“If you want the cannon, come and get it then, and we will give you what’s in them first.”
Falmouth Artillery Commander Weston Jenkins, to the captain of the HMS Nimrod.
The year was 1956. Falmouth area residents were abuzz as the new Nimrod club was scheduled to reopen in late spring, just in time for the busy summer season.
The new owners, George F. Allen and McLean Grant, were Air Force men who had recently retired from the military. Both men had been looking for the perfect spot to open a restaurant/club. The property on Dillingham Avenue fit the bill perfectly.
It had been owned by Henry J. Walsh, who renovated it as a residential hotel, opening in 1946 as the Boxwood Club. Years later it was leased by John A. Riley, who after acquiring a liquor license was able to run the club year-round.
Allen and Grant renamed the dwelling the Nimrod after the HMS Nimrod, one of the most-feared British ships that sailed off the New England coast during the War of 1812.
The ship’s mission was to destroy the American patriots who had hate and disdain for the king and Britain. During the war, Cape Cod experienced firsthand British aggression. The Cape ports were blockaded by the British. The Falmouth artillery company routinely fired at the British ships lurking in Vineyard Sound.
On a frigid day on January 28, 1814, the Falmouth militia heeded a warning of a possible attack. They sent the women and children away as the militia waited in trenches by the Old Dock Harbor along Surf Drive Beach. Over 300 cannonballs ripped through the cold, dark sky that night, hitting many homes and the Elm Arch Inn, Shoreway Acres, the former Farnum home on Thomas Lane, and the Nimrod, which originally stood on what today is Shore Street. Eventually it was moved completely intact to Dillingham Avenue.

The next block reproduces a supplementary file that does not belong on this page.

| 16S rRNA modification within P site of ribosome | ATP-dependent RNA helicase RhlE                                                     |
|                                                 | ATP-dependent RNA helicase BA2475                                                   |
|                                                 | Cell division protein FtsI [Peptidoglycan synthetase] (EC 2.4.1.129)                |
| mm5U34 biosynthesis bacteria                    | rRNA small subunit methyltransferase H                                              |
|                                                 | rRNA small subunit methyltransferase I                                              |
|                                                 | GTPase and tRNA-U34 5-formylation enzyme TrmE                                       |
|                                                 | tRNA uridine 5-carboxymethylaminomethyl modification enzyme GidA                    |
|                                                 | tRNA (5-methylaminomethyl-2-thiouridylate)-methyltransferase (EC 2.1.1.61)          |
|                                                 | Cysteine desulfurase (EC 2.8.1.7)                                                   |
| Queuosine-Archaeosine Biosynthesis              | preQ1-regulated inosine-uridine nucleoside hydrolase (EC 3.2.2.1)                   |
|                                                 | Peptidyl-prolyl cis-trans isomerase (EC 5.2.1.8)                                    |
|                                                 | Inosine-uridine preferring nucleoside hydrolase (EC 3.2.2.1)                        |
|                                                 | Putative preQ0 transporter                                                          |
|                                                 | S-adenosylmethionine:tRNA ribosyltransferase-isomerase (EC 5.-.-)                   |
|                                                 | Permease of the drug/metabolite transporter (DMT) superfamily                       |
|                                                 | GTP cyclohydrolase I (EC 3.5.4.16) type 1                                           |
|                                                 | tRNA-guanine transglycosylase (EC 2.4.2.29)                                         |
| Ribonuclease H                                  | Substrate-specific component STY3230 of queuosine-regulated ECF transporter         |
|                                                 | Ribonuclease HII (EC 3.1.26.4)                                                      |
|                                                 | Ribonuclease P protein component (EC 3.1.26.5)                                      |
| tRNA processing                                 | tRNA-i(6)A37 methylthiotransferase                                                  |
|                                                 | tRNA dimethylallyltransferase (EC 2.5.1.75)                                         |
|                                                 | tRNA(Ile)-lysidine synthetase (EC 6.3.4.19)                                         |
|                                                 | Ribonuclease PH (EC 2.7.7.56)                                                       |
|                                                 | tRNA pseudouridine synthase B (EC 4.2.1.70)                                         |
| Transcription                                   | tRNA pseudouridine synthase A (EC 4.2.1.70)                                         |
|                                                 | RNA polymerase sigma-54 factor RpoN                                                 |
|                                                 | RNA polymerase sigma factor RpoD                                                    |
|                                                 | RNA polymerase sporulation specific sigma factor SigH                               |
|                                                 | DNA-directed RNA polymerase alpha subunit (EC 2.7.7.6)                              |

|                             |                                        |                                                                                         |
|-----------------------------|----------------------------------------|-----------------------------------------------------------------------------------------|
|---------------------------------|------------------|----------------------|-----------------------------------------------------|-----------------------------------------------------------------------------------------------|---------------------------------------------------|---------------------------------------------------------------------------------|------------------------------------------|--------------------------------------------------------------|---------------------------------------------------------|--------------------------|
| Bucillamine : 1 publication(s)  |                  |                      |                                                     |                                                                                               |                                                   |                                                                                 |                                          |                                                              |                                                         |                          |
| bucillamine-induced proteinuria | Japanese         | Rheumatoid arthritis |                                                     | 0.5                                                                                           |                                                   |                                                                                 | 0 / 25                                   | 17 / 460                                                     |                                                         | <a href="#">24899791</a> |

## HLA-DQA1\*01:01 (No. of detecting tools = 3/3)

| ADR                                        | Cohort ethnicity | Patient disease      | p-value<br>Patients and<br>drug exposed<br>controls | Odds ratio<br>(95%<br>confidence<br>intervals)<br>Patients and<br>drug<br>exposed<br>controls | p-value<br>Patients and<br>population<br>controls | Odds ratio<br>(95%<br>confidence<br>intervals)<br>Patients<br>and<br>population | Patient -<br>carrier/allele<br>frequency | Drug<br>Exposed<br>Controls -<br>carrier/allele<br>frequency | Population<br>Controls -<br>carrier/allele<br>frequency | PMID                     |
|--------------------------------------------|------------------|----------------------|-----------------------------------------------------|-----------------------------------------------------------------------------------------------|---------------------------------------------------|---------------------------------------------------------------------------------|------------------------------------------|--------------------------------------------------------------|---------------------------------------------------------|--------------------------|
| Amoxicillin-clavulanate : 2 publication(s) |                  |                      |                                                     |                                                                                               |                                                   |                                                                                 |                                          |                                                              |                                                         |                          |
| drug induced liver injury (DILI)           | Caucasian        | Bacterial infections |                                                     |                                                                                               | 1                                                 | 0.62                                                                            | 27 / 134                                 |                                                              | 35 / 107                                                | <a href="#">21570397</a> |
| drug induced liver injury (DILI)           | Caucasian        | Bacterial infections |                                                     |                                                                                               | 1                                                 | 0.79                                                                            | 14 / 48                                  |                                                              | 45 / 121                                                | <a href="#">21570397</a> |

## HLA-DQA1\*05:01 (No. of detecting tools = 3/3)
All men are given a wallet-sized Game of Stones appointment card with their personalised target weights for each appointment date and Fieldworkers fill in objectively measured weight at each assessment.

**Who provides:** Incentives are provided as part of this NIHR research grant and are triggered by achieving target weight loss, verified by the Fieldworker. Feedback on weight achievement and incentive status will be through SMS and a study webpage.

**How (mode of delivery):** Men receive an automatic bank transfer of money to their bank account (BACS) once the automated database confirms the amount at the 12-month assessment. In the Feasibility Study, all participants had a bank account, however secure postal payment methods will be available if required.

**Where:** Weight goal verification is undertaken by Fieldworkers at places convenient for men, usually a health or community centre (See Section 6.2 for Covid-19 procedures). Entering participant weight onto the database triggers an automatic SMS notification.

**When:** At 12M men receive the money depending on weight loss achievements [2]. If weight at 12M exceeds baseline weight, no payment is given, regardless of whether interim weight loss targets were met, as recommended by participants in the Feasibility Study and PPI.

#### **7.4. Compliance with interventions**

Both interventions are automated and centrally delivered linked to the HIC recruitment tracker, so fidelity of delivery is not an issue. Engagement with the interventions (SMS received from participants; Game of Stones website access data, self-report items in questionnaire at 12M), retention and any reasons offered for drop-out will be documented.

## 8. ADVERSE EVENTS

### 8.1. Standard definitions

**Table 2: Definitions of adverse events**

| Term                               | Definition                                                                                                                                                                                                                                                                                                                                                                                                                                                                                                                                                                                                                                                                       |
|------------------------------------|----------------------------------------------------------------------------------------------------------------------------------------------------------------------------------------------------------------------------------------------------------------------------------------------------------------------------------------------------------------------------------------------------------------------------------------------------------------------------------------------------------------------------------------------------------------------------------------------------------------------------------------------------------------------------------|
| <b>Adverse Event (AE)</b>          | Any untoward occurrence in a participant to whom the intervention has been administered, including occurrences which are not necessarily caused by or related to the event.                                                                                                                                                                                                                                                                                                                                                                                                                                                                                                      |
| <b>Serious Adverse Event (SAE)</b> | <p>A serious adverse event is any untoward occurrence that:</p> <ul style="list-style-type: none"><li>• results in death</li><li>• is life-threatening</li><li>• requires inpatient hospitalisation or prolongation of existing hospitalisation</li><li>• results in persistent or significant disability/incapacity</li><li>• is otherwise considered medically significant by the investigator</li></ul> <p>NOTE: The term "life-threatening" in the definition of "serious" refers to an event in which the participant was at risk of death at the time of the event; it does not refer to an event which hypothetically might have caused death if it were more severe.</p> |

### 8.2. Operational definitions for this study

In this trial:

One cannot negate the strength and courage of the Falmouth patriots who bravely fought off the British that cold January day over 200 years ago. There was not one militia death during that brutal attack, thanks to the courage and strength of these Cape Codders.
The Nimrod stood tall during the fight despite taking a hit from a cannonball. The hole in the wall remained throughout its history. Over the years there were repairs and renovations made to the structure; the original wall ended up in the men’s room. The hole in the wall was always a curiosity. When patrons inquired about it, they all loved to hear the story of how it got there. It remained until this past year, when the historical landmark was taken down.
The Nimrod restaurant evokes so many wonderful memories for many Falmouth residents and visitors that spent time there.
According to the Falmouth Enterprise in May 1962, it always was a lively place in town; the Bridge Club was meeting on Tuesday evenings, the Coast Guard wives were having their annual banquet and Donald VanWart was back at the piano every Saturday night.
As the years went on there were anniversary parties, rehearsal dinners and wedding receptions. So many fond milestones so many Falmouth families celebrated there. Very sad we lost this amazing piece of Falmouth’s history. The remarkable story of your history will live on.
Farewell, Nimrod, you will be missed…
In my last article I would like to thank Paul Tressler for the beautiful photograph of the osprey.
Nancy August is a lifelong summer resident of Falmouth as were her parents and grandparents before her. Her production company is Summer Girl Media. Please visit the “Tales of a Summer House” Facebook page.